Scotland will also get borrowing powers for the first time next year and Mr Swinney confirmed he is to use his full allocation of £309m next year to fund a range of programmes.

The Budget also sets out £4.5bn of infrastructure investment in 2015-16 while there was funding of more than £390m to deliver 6,000 affordable homes and £125m of additional financial support for the housing sector.

The Budget includes provide £81m to mitigate against Westminster’s welfare reform including the “Bedroom Tax” while the health budget also tops £12bn for the first time with a funding increase of £288m.

The recent referendum campaign made the “aspirations” of the people of Scotland clear, Mr Swinney said. “The people of Scotland want to live in a more prosperous and a much fairer country than it is today,” he added.

“This Budget is focused on meeting those ambitions, as far as we can within our current powers.”

But Labour say the Budget shows Scotland has “powerful devolved parliament in Holyrood” after Scots voted decisively to remain within the UK in last month’s historic vote.

Labour finance spokesman Iain Gray added: “The reality is that health spending in Scotland has not kept pace with spending in England and we know Scottish Government plans are being worked on for £450m in cuts.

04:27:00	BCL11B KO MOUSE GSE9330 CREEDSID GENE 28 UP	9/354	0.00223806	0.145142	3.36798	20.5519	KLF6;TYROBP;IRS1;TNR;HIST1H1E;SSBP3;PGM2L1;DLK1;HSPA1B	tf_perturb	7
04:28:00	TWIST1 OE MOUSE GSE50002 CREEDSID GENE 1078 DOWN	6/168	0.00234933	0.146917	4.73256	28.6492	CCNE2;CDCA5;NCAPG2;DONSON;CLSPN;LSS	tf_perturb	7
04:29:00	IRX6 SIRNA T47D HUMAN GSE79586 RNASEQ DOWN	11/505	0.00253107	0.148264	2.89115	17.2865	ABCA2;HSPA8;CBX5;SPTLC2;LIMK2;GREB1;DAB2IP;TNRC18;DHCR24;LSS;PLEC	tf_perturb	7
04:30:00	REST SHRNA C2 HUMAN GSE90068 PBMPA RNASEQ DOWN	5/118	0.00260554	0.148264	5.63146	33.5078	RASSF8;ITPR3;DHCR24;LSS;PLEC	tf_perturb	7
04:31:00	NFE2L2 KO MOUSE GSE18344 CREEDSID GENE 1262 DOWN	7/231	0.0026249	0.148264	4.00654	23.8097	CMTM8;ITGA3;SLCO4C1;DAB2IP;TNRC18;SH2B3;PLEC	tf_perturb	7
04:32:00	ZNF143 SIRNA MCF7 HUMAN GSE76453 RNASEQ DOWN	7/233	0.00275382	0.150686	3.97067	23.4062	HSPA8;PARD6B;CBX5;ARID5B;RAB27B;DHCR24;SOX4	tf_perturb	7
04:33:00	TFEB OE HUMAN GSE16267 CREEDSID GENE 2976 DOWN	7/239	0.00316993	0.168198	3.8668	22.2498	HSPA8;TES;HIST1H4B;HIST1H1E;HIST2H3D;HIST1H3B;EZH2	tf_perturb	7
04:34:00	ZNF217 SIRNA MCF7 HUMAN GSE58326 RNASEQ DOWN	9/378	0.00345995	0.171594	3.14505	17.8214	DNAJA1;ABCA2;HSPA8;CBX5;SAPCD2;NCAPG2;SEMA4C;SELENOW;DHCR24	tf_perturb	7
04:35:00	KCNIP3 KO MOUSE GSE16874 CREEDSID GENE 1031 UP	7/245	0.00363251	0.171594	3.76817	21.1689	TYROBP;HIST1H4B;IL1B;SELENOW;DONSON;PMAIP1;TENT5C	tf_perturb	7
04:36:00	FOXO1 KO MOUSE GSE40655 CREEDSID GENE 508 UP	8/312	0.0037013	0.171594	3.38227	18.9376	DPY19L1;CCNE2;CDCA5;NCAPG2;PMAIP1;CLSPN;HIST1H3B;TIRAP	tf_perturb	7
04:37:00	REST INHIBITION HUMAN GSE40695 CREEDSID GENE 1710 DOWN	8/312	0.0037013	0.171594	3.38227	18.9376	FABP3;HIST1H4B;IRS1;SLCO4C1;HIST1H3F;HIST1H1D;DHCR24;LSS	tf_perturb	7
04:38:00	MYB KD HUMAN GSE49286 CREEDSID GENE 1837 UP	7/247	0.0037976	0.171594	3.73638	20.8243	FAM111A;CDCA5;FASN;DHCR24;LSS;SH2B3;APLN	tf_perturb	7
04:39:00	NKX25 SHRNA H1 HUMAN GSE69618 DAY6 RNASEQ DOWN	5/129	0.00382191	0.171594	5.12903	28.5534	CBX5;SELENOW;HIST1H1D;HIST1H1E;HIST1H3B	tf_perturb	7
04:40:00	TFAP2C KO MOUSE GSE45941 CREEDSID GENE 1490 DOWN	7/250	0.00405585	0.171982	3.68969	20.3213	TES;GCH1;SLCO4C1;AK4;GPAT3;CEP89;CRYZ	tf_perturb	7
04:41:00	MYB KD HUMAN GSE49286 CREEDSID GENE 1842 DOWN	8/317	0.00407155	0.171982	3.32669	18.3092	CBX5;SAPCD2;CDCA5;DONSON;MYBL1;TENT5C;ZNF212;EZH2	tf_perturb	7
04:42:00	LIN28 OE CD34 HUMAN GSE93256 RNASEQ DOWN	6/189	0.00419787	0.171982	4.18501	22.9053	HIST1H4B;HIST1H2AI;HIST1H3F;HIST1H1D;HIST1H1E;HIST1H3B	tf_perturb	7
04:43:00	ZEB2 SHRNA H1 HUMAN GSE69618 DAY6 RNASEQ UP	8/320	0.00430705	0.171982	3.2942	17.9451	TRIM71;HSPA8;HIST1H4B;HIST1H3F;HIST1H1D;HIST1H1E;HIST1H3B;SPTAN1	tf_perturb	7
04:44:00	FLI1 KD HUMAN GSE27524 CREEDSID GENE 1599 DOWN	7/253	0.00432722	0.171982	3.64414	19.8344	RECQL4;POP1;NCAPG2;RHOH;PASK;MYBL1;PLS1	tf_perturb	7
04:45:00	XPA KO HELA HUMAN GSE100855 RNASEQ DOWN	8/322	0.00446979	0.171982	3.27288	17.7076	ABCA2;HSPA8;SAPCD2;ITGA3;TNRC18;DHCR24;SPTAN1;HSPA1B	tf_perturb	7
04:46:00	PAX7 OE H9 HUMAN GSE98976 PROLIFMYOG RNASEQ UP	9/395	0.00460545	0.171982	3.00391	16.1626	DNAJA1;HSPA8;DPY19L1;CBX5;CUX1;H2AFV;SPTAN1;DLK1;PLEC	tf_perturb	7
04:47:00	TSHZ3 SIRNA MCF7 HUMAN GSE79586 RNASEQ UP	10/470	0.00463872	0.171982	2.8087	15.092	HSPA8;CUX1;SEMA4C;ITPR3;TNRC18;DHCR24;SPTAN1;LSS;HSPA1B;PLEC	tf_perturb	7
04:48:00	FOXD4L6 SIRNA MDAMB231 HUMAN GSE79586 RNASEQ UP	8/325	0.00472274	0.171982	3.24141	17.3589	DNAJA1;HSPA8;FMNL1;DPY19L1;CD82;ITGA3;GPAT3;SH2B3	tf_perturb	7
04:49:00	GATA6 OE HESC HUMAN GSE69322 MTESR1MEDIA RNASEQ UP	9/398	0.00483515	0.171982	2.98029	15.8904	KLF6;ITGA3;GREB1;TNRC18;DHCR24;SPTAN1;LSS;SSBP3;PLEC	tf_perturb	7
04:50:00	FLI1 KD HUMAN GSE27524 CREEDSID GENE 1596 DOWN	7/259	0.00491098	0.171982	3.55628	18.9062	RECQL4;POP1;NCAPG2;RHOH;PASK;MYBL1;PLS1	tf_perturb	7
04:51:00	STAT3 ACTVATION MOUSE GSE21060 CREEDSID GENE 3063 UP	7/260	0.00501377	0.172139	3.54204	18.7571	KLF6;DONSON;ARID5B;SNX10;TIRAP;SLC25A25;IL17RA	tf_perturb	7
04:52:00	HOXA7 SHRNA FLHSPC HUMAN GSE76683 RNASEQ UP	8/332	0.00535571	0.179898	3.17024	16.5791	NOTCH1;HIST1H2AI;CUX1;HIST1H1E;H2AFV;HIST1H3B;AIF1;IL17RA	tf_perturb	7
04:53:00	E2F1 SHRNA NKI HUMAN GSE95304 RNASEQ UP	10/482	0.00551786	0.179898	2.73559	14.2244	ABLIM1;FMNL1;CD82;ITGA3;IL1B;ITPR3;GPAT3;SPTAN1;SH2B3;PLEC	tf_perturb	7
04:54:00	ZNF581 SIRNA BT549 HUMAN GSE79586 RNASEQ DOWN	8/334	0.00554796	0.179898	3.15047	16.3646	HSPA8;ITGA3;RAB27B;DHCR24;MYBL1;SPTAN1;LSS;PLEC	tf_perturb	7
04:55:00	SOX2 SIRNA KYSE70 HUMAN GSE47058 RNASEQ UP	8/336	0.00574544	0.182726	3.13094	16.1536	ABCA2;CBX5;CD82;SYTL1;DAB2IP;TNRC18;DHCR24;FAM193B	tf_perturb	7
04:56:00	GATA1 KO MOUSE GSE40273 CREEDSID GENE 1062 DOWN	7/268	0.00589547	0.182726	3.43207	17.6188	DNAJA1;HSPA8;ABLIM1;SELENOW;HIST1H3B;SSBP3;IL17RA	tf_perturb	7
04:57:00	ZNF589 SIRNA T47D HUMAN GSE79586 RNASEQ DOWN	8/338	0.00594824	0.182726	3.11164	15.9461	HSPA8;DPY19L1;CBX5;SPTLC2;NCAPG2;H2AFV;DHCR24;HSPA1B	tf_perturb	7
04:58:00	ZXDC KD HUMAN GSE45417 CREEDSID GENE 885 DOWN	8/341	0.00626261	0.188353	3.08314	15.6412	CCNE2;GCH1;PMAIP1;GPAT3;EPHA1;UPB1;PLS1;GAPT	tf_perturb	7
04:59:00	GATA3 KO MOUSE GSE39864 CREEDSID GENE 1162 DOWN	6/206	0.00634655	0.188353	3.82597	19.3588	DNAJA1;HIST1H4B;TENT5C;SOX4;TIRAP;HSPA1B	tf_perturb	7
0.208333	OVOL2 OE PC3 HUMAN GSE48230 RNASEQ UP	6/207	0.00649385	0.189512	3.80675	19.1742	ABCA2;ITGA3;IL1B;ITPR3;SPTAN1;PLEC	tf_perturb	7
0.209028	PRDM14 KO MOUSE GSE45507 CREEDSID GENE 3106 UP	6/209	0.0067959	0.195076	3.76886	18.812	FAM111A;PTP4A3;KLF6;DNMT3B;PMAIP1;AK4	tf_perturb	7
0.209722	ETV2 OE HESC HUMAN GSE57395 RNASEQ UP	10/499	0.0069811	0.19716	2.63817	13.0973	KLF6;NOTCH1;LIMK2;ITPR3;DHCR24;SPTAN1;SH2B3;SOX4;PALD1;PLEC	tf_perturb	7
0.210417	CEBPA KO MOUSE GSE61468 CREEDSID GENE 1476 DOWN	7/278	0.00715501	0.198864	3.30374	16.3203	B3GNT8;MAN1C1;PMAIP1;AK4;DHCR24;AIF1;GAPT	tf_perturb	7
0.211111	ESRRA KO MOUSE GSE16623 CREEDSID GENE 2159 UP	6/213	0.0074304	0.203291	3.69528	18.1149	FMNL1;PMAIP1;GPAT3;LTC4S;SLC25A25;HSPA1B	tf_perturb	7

John McTernan: Voters aren’t listening any more

“The Scottish Government has yet again failed to deliver a fully progressive Budget, failed to tackle the underfunding of local government.”

The Conservatives said the Budget will hit people seeking to buy family homes.

“This is an assault on aspiration,” said Tory finance spokesman Gavin Brown. “At a time John Swinney could have been easing the burden on hard working families, he did the exact opposite. He launched a raid on families who want nothing more than to buy a decent home for themselves and their children.”

Liberal Democrat leader Willie Rennie welcomed the “progressive nature” of the taxes unveiled by Mr Swinney. He said: “That is something that we can agree with.”